Finally, we’ve done our best to continue communicating with the district even in this digital-only moment. Through Facebook Live town halls with leading health experts, to a weekly show with guests who cover the issues, to joining local town committee meetings or organization Zooms and sharing our story, we’ve made it a focus to keep the conversation going digitally. The reality is that this could become a norm for the foreseeable future. Our campaign has adapted to it and is ready to continue and hopefully eventually represent the district with all the tools available.”

3. What experiences and qualities do you have that separate yourself from the other candidates in the race?

“I am not a career politician. I am a movement leader, a march organizer and a builder who’s founded multiple non-profits, including City Year, all in service to people and our local communities. Founding City Year, saving AmeriCorps, and helping pass the Kennedy Serve America Act paved the way for 1.1 million volunteers to improve lives and local communities across the country.

Most importantly, I lead with my values and mobilize broad, inclusive coalitions to drive progress that others thought couldn’t be done. I’ve shown through my experience that in fact it can be done with an innovative spirit and a movement.

We need new thinking to secure the public health and Main Street's livelihood in the wake of the COVID-19 pandemic. We need a different approach to stop climate change, achieve gun safety and restore the American Dream. I am a proven, progressive pathbreaker with a 30-year track record of innovating and empowering people to get big things done.”

4. What do you think is the most important issue facing the country today and how do we address it?

“As COVID-19 spreads across our country, it is exposing inequities and injustices in our society: who has healthcare and who doesn’t? Who has access to computers and high-speed broadband and who doesn’t? Who has paid sick leave, adequate child care, and housing and who doesn’t? Who has rainy day savings and who is as little as $500 away from economic calamity?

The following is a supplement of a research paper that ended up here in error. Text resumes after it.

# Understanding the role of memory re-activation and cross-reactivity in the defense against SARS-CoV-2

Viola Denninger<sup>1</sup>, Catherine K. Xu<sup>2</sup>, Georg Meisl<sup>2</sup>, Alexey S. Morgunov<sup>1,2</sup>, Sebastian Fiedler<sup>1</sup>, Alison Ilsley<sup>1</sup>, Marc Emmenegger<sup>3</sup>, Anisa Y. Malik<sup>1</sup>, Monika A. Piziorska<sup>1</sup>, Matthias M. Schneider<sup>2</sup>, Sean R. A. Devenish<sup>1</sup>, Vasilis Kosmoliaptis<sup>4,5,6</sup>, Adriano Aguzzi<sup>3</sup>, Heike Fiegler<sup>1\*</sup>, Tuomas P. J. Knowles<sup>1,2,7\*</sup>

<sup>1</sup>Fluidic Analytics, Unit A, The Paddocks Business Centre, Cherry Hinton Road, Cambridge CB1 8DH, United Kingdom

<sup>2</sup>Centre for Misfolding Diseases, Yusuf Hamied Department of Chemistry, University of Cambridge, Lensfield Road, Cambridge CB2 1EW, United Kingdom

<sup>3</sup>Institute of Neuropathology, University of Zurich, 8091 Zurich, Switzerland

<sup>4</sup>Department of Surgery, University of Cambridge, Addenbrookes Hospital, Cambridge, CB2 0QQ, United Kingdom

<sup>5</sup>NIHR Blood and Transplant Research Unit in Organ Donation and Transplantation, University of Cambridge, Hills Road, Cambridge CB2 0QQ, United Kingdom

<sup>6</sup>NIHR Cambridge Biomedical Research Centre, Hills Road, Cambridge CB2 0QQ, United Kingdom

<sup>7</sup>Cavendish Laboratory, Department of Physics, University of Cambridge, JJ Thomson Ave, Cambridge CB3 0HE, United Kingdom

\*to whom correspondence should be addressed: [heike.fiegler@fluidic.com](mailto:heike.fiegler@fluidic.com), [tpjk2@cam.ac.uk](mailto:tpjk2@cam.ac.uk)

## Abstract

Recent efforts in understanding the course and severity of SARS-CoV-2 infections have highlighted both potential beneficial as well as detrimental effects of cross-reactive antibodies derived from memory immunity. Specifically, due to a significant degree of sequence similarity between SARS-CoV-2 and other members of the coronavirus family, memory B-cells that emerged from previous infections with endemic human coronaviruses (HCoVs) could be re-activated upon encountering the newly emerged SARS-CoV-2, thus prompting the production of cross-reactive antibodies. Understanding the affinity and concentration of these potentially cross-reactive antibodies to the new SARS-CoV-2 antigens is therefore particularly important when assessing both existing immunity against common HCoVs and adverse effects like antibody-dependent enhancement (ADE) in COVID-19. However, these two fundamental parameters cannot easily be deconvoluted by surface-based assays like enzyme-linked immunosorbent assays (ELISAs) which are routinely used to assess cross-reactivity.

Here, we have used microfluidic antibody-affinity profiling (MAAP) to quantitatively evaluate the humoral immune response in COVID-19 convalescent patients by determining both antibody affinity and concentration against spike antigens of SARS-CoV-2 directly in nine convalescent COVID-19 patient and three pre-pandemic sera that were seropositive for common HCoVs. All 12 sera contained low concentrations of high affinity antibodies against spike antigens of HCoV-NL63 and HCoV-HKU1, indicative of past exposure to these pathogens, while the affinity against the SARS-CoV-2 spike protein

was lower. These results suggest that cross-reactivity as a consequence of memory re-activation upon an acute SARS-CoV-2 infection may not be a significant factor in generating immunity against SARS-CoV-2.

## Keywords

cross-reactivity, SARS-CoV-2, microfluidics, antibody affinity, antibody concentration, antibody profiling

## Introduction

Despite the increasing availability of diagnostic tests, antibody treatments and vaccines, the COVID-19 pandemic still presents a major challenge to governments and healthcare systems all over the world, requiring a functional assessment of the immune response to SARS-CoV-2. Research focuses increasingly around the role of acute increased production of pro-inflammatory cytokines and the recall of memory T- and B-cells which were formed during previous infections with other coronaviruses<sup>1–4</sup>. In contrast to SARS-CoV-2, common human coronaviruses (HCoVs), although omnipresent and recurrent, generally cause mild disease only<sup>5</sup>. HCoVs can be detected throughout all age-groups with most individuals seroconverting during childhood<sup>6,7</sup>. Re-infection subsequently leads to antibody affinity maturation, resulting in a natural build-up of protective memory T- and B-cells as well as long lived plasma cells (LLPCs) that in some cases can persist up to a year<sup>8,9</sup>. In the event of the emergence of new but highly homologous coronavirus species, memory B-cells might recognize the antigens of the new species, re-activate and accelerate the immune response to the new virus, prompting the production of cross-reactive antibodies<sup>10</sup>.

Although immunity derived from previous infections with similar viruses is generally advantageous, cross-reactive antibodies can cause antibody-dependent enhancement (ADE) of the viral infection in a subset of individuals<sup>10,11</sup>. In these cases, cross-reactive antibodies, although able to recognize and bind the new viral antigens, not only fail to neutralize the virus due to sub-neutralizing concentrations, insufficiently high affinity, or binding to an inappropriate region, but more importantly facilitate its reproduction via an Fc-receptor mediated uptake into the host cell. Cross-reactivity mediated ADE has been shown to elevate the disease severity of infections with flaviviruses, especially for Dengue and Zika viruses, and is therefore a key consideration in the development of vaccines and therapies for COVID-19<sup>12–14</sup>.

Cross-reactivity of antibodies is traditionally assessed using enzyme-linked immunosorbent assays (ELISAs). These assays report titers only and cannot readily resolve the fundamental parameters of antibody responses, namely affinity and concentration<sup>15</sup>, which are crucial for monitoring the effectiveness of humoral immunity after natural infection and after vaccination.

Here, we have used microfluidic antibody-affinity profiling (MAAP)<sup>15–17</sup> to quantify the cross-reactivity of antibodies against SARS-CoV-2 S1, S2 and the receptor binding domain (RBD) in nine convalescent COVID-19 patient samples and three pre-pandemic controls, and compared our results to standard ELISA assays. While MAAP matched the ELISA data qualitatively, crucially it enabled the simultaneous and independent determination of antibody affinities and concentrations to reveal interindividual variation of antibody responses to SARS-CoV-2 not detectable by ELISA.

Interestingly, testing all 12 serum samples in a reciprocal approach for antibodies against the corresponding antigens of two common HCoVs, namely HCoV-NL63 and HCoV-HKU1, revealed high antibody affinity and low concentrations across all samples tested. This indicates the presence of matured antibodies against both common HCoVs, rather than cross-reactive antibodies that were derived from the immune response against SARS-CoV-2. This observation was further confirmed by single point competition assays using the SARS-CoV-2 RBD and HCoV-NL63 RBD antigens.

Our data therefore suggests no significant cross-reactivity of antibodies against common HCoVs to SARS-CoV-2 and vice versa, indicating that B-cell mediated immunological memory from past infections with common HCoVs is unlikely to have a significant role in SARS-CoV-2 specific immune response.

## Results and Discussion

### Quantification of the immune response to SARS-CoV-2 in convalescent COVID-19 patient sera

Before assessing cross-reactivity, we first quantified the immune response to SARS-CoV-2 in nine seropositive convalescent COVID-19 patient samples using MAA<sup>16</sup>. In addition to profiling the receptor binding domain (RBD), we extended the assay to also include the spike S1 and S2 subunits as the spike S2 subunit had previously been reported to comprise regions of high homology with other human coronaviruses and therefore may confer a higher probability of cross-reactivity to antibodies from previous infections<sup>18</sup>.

As we confront the coronavirus, we must also commit ourselves to creating a more fair and just society of mutuality. We need to do this so we are better prepared in the future and more importantly, so that we become a more united, humane and just nation.

The two most important issues that are highlighted by COVID-19 which we face are the climate crisis and affordable healthcare. Both are significantly threatening our district, and disproportionately impacting communities of color. What is on the top of my mind, and on the top of many others, is why we don’t have accessible, affordable healthcare for everyone in this district and country, and how we can change that.

Everyone in our country must have comprehensive health care coverage. Providing healthcare as a right for all Americans is the moral thing to do, the right thing to do, and also the practical thing to do. Today, there are more than 27.5 million uninsured Americans, and millions more are underinsured. As the pandemic makes clear, lack of care is also a public health risk: Americans without access to healthcare either cannot get treated when they have a contagious disease or avoid treatment and emergency care to prevent receiving debilitating bills. This crisis shows we must ensure every American has access to healthcare.

I support building on President Obama’s Affordable Care Act and providing a “Medicare for all who want it” system. I support a strong public option that will allow anyone who wants to use that option instead of private insurance the chance to do so. My focus is on reducing healthcare costs. That can be done by allowing Medicare and Medicaid to negotiate much lower prescription drug costs with the drug companies, and also buying lower-cost drugs from Canada and other countries. We also need sensible investments in wellness and the Social and Environmental Determinants of Health (SEDOH) to increase our preventative healthcare.”

5. What is one of your favorite features of MA04 District?

“My favorite feature about the MA04 district is how amazingly historic and iconic it is. Franklin is the home of the first public library, and where Horace Mann proposed a public education. Taunton was the first community to oppose the British. Wellesley is the home of Kathie Lee Bates, who wrote “America the Beautiful." Brookline was part of the Underground Railroad. Lakeville is home to the capital of our cranberries, the pride of Massachusetts. Fall River is home to the largest ever textile manufacturing center in America. Attleboro is the jewelry capital of the world. 

We have such a deep history in this district, and it plays a critical role in the very things that make Massachusetts what it is. I love constantly learning new things about this district. Every time I talk to people from the 34 cities and towns, I hear something different! I want that deep history and constant forging of pathways to guide our leadership and our decisions as a community, and to make it possible for us to do more, to reach farther, and to help each other.”

For more information on Khazei’s campaign visit

Marcus Ferro is an attorney practicing in New Bedford and a weekly contributor to The Chris McCarthy Show on 1420 WBSM. Contact him at The opinions expressed in this commentary are solely those of the author.